It's 2018 and when I think about some of the most successful threaded code I've written in recent years, it's mainly in Python. Yes, GIL-containing, dynamically-typed (static analysis nightmare) Python. It was never going to be the fastest but I had expressiveness and a great set of libraries behind me. I also have no doubt that a subtle defect is probably still sitting in that code which we never found. But if I was to rewrite it in C, those odds only go up to an almost absolute certainty. At this point, I'd say my ability to debug most defects is ok but, even assuming I catch everything, the time lost to that task is a significant percentage of my development budget. I started looking around for something that retained the system programming language power I expect from C (and knowing that I'd be doing FFI-binds into C ABIs) but with better tools to enable me to write threaded code I felt more confident about being correct.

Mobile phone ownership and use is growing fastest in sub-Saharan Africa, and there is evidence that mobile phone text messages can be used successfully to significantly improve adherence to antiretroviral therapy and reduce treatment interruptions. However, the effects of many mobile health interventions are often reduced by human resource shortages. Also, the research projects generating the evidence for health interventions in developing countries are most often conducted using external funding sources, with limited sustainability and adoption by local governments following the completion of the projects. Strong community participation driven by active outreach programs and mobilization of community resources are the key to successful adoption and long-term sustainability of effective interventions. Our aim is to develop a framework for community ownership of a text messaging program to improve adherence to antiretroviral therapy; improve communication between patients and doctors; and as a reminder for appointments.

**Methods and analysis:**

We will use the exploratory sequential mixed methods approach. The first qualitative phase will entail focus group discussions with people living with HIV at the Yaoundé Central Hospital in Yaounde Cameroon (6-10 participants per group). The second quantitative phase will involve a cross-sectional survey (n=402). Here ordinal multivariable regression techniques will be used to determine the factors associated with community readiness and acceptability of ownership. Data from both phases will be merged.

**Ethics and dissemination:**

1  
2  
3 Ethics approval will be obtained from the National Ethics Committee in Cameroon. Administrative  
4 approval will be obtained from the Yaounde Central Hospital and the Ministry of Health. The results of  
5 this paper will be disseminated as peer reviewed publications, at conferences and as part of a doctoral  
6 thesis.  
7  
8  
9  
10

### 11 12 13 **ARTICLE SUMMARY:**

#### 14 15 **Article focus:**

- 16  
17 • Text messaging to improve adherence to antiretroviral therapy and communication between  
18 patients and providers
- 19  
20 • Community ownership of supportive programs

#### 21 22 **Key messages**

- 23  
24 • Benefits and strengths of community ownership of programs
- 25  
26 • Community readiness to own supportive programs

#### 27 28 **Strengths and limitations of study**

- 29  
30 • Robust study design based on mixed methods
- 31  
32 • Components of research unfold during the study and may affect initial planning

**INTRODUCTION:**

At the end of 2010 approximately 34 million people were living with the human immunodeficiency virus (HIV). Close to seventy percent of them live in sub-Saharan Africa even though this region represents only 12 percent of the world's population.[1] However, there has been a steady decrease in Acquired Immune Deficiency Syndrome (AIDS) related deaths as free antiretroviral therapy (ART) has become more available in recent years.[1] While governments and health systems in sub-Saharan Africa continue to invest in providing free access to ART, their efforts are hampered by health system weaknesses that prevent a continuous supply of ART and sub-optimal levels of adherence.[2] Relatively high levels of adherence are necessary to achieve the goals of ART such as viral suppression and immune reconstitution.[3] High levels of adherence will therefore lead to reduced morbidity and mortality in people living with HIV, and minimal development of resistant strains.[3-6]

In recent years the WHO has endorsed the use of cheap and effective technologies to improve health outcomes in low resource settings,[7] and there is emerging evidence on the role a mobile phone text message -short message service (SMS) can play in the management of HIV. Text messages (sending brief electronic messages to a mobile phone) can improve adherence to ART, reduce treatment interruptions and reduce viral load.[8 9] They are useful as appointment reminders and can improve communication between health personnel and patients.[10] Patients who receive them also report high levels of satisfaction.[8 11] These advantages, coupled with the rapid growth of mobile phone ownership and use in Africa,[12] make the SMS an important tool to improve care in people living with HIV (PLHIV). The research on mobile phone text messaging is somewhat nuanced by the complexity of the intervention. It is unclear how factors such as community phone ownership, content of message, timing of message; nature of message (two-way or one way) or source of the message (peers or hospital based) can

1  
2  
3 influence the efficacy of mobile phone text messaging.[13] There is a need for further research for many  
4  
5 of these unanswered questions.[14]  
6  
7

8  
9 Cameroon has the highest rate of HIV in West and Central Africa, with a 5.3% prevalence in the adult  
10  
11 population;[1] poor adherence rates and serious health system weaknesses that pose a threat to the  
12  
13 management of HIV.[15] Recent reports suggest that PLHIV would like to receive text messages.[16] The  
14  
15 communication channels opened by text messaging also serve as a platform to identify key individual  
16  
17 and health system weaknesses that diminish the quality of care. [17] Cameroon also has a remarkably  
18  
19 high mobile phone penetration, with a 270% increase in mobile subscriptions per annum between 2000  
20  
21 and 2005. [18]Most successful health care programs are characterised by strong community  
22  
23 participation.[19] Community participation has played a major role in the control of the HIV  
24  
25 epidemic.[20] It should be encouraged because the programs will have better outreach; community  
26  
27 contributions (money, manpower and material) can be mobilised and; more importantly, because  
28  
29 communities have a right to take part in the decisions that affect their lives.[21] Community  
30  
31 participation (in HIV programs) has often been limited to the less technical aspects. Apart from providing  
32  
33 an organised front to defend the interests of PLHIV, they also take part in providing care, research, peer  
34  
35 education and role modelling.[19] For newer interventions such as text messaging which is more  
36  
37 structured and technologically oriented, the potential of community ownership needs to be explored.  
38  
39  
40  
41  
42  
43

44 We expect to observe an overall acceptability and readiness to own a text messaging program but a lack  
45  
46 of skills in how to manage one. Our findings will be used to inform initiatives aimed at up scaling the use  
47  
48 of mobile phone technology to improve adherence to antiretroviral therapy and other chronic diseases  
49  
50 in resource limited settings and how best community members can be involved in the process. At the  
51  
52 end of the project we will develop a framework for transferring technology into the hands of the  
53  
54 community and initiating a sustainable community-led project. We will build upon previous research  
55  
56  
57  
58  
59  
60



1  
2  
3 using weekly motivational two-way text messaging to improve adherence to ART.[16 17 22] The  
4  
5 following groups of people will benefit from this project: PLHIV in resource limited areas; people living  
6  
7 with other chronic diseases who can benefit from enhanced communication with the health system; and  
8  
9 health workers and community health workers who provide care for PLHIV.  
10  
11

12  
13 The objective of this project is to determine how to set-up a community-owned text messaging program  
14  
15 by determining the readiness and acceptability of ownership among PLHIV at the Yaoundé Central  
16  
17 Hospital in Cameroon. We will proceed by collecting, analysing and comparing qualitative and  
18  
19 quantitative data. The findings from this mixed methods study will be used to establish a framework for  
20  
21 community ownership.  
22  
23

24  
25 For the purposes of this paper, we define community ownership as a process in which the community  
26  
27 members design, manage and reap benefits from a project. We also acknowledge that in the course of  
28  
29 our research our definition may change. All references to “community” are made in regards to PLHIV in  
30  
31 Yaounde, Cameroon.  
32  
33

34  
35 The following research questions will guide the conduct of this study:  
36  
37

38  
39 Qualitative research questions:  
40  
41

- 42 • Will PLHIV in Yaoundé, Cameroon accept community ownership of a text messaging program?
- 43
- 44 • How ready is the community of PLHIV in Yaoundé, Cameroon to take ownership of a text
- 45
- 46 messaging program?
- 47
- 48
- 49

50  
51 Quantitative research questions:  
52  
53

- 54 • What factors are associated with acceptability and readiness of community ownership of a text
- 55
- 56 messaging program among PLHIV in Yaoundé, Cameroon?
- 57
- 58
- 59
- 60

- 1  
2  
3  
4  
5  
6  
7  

Enter, stage left, Rust. A system programming language that's just about old enough to have gotten the first round of real-world testing out of the way and start to build an ecosystem while also having one feature you'll not find in most of the other multi-paradigm, high-performance languages: a borrow checker as part of the compiler. It has the expressiveness you'd expect from a modern high-level language eg Python or Scala, with enough bits of Functional or OO, but it has no time for handing out mutable references to memory like candy. The compiler requires you always consider how you interact with your memory, which I found very useful for doing threaded work, along with ensuring you've got no GC overheads (and only count references for memory where you really need it). Once I'd gotten my head around it, the constraints no longer felt onerous.